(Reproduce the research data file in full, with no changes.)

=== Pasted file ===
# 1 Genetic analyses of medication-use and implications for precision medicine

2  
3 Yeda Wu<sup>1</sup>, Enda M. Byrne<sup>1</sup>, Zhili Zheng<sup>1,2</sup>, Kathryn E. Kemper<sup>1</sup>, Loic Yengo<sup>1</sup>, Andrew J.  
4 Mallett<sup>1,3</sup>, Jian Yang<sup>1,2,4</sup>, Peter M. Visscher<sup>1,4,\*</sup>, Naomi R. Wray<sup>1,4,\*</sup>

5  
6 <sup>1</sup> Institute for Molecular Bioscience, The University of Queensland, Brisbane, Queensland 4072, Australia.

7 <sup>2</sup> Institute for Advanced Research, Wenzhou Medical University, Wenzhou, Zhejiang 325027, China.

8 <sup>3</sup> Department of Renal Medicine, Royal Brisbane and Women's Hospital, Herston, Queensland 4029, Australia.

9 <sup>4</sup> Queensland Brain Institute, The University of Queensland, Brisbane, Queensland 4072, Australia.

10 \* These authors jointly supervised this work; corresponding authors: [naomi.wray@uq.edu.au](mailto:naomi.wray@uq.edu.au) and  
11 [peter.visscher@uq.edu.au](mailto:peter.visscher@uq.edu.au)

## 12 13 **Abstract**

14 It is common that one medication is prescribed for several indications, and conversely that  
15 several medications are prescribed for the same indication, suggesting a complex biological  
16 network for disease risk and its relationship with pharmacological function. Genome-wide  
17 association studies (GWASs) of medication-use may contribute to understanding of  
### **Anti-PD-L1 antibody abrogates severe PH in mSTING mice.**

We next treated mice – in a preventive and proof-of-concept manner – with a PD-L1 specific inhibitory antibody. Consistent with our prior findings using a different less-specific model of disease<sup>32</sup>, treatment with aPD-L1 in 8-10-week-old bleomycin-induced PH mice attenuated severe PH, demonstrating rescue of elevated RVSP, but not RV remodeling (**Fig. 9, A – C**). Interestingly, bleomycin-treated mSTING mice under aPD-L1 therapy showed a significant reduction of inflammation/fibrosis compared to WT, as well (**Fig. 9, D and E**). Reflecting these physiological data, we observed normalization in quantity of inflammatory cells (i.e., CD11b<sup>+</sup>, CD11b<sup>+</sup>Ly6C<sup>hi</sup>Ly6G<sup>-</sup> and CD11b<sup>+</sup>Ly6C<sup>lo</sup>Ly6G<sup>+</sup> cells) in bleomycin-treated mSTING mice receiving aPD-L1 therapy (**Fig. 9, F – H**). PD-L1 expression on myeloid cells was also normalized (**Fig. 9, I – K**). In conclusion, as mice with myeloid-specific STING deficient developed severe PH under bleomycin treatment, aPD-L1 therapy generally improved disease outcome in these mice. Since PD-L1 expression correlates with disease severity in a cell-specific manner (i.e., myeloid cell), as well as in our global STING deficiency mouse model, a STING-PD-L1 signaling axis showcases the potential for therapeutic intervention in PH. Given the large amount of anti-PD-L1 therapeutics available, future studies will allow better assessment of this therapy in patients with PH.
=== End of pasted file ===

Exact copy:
# 1 Genetic analyses of medication-use and implications for precision medicine

2  
3 Yeda Wu<sup>1</sup>, Enda M. Byrne<sup>1</sup>, Zhili Zheng<sup>1,2</sup>, Kathryn E. Kemper<sup>1</sup>, Loic Yengo<sup>1</sup>, Andrew J.  
4 Mallett<sup>1,3</sup>, Jian Yang<sup>1,2,4</sup>, Peter M. Visscher<sup>1,4,\*</sup>, Naomi R. Wray<sup>1,4,\*</sup>

5  
6 <sup>1</sup> Institute for Molecular Bioscience, The University of Queensland, Brisbane, Queensland 4072, Australia.

7 <sup>2</sup> Institute for Advanced Research, Wenzhou Medical University, Wenzhou, Zhejiang 325027, China.

8 <sup>3</sup> Department of Renal Medicine, Royal Brisbane and Women's Hospital, Herston, Queensland 4029, Australia.

9 <sup>4</sup> Queensland Brain Institute, The University of Queensland, Brisbane, Queensland 4072, Australia.

10 \* These authors jointly supervised this work; corresponding authors: [naomi.wray@uq.edu.au](mailto:naomi.wray@uq.edu.au) and  
11 [peter.visscher@uq.edu.au](mailto:peter.visscher@uq.edu.au)

## 12 13 **Abstract**

14 It is common that one medication is prescribed for several indications, and conversely that  
15 several medications are prescribed for the same indication, suggesting a complex biological  
16 network for disease risk and its relationship with pharmacological function. Genome-wide  
17 association studies (GWASs) of medication-use may contribute to understanding of  
### **Anti-PD-L1 antibody abrogates severe PH in mSTING mice.**

We next treated mice – in a preventive and proof-of-concept manner – with a PD-L1 specific inhibitory antibody. Consistent with our prior findings using a different less-specific model of disease<sup>32</sup>, treatment with aPD-L1 in 8-10-week-old bleomycin-induced PH mice attenuated severe PH, demonstrating rescue of elevated RVSP, but not RV remodeling (**Fig. 9, A – C**). Interestingly, bleomycin-treated mSTING mice under aPD-L1 therapy showed a significant reduction of inflammation/fibrosis compared to WT, as well (**Fig. 9, D and E**). Reflecting these physiological data, we observed normalization in quantity of inflammatory cells (i.e., CD11b<sup>+</sup>, CD11b<sup>+</sup>Ly6C<sup>hi</sup>Ly6G<sup>-</sup> and CD11b<sup>+</sup>Ly6C<sup>lo</sup>Ly6G<sup>+</sup> cells) in bleomycin-treated mSTING mice receiving aPD-L1 therapy (**Fig. 9, F – H**). PD-L1 expression on myeloid cells was also normalized (**Fig. 9, I – K**). In conclusion, as mice with myeloid-specific STING deficient developed severe PH under bleomycin treatment, aPD-L1 therapy generally improved disease outcome in these mice. Since PD-L1 expression correlates with disease severity in a cell-specific manner (i.e., myeloid cell), as well as in our global STING deficiency mouse model, a STING-PD-L1 signaling axis showcases the potential for therapeutic intervention in PH. Given the large amount of anti-PD-L1 therapeutics available, future studies will allow better assessment of this therapy in patients with PH.